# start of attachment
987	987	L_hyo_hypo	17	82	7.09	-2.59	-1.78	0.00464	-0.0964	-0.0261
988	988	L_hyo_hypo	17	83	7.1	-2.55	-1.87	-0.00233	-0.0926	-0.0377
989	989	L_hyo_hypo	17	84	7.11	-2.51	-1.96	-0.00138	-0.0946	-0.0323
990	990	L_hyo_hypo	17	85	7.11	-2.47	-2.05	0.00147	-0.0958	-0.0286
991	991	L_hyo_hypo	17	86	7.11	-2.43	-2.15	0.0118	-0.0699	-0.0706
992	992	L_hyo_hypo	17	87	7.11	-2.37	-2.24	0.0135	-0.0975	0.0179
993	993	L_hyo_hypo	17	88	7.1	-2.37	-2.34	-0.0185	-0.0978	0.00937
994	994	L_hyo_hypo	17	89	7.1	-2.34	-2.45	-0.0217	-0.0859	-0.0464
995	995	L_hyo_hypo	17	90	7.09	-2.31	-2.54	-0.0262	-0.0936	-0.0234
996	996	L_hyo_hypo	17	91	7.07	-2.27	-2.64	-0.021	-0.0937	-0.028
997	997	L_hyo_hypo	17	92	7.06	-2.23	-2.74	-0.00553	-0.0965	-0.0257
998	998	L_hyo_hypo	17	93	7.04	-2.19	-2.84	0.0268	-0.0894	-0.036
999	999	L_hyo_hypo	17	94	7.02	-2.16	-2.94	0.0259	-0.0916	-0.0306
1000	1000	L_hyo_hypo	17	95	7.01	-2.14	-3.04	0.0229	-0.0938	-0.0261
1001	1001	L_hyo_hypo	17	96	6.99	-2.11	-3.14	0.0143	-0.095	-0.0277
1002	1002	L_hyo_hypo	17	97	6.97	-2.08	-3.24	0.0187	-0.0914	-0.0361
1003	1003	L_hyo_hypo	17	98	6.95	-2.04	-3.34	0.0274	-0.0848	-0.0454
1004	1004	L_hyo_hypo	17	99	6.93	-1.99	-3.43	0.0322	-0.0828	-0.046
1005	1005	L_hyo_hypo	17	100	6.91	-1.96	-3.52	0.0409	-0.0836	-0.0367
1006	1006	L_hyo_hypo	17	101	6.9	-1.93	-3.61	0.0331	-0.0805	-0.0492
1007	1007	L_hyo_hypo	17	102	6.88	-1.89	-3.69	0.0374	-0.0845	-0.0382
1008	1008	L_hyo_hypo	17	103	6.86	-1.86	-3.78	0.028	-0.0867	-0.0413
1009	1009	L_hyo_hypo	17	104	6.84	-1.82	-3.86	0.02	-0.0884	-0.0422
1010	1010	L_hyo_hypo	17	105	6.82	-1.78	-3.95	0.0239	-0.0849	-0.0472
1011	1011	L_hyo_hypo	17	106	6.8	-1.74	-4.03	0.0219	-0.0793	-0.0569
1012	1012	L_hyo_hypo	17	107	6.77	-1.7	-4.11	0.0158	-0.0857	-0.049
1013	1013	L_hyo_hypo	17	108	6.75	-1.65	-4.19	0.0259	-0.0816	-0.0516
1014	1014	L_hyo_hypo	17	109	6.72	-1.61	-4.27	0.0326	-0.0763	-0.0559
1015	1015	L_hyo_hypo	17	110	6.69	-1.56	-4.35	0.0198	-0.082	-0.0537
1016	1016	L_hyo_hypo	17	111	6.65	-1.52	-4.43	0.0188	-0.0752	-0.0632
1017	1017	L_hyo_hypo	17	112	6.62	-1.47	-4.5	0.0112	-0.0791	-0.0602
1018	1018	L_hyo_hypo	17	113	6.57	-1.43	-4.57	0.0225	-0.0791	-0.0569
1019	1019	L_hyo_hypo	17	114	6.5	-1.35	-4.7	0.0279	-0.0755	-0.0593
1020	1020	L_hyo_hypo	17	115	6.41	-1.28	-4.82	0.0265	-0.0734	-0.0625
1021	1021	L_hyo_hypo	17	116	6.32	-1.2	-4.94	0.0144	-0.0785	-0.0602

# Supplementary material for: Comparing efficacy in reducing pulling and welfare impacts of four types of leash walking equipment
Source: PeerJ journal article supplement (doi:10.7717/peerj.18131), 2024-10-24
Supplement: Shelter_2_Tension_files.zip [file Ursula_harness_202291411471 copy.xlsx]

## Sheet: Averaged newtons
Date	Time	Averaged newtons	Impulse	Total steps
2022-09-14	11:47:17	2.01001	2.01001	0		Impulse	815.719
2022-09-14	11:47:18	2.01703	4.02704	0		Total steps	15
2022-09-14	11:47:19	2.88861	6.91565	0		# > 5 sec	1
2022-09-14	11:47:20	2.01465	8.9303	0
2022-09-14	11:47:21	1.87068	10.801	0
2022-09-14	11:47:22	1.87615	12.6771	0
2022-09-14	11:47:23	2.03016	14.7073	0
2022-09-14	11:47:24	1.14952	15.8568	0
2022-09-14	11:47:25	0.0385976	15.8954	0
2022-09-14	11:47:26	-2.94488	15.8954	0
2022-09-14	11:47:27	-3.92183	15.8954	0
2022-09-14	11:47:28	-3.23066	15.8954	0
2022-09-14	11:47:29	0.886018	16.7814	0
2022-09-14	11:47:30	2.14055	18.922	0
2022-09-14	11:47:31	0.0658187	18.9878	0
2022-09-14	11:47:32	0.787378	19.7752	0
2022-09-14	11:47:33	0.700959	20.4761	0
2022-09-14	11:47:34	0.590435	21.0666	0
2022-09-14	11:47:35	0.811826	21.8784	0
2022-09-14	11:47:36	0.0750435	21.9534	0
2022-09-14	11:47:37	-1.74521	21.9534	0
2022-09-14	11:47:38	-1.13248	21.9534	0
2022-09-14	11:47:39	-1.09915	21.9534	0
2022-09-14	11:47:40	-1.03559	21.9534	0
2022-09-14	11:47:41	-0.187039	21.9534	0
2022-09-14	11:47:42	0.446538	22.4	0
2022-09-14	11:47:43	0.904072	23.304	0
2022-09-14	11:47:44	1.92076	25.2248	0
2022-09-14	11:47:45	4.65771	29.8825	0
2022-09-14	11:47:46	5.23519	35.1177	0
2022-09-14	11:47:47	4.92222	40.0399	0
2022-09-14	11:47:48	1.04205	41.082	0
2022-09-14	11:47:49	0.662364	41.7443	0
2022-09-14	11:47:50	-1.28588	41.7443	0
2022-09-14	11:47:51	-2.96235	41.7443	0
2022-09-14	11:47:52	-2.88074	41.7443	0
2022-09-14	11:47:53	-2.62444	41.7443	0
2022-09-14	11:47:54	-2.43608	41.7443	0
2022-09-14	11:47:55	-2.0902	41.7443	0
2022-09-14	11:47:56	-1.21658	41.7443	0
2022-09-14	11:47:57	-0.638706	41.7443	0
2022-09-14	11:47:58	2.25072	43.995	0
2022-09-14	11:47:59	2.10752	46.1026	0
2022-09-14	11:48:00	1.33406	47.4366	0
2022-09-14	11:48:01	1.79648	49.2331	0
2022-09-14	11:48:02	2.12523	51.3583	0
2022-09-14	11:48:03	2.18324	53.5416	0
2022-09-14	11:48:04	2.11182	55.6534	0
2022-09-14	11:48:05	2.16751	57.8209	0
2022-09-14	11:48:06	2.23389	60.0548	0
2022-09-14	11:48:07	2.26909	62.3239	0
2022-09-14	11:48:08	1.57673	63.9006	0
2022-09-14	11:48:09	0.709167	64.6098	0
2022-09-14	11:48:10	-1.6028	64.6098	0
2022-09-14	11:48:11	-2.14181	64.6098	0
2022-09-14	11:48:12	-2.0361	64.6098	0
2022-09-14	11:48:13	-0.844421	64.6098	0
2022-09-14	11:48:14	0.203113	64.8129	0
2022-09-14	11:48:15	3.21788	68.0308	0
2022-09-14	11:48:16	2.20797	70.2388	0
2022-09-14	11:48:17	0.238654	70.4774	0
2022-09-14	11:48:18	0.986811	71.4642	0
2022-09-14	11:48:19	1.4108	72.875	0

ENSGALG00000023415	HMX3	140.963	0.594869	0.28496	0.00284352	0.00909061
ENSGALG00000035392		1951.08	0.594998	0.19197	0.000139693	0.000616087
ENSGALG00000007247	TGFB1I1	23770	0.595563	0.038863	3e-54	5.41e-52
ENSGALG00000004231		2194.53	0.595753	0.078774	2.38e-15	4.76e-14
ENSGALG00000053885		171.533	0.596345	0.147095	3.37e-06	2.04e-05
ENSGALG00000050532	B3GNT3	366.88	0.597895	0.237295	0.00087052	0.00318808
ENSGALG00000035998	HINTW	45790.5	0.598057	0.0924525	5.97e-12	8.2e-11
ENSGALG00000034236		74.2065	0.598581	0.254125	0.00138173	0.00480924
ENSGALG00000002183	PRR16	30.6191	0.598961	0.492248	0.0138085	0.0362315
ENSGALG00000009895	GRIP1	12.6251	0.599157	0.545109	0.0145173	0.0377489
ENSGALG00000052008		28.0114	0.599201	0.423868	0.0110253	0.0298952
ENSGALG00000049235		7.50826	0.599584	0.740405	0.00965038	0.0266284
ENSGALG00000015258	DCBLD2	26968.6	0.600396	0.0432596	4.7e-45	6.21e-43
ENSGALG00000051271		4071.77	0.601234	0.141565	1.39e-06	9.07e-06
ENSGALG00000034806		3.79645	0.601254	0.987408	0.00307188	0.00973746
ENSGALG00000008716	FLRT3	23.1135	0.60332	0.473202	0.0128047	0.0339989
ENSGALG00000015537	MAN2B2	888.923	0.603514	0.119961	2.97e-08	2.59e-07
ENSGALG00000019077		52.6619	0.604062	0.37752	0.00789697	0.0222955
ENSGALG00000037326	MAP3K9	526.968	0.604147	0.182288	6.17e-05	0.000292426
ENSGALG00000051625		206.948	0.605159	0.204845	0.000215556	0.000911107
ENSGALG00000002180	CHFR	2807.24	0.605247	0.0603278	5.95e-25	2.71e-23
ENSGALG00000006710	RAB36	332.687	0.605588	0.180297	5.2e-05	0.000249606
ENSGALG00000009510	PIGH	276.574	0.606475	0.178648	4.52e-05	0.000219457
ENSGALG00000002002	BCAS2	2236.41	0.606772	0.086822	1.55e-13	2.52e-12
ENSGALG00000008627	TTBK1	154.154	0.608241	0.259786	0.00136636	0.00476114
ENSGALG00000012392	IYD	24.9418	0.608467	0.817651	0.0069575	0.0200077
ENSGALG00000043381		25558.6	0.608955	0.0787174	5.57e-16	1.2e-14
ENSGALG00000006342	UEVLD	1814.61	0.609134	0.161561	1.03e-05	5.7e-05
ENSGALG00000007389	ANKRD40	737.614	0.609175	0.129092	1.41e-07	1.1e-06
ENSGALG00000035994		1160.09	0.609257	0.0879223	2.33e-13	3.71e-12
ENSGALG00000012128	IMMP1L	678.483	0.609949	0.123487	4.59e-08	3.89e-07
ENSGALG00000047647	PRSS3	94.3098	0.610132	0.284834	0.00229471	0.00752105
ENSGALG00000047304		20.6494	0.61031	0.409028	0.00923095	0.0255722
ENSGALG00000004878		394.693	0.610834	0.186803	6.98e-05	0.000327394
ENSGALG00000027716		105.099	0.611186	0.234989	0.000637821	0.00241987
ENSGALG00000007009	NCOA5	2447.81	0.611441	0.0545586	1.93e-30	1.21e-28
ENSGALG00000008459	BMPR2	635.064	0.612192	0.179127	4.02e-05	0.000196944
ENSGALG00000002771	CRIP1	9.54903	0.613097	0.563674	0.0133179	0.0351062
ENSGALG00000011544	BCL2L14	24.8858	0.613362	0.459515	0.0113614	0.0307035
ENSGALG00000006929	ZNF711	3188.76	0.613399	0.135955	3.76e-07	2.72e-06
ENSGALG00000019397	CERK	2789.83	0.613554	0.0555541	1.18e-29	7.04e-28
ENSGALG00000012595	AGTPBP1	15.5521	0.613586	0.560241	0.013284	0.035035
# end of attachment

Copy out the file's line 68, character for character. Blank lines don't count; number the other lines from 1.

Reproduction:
2022-09-14	11:47:44	1.92076	25.2248	0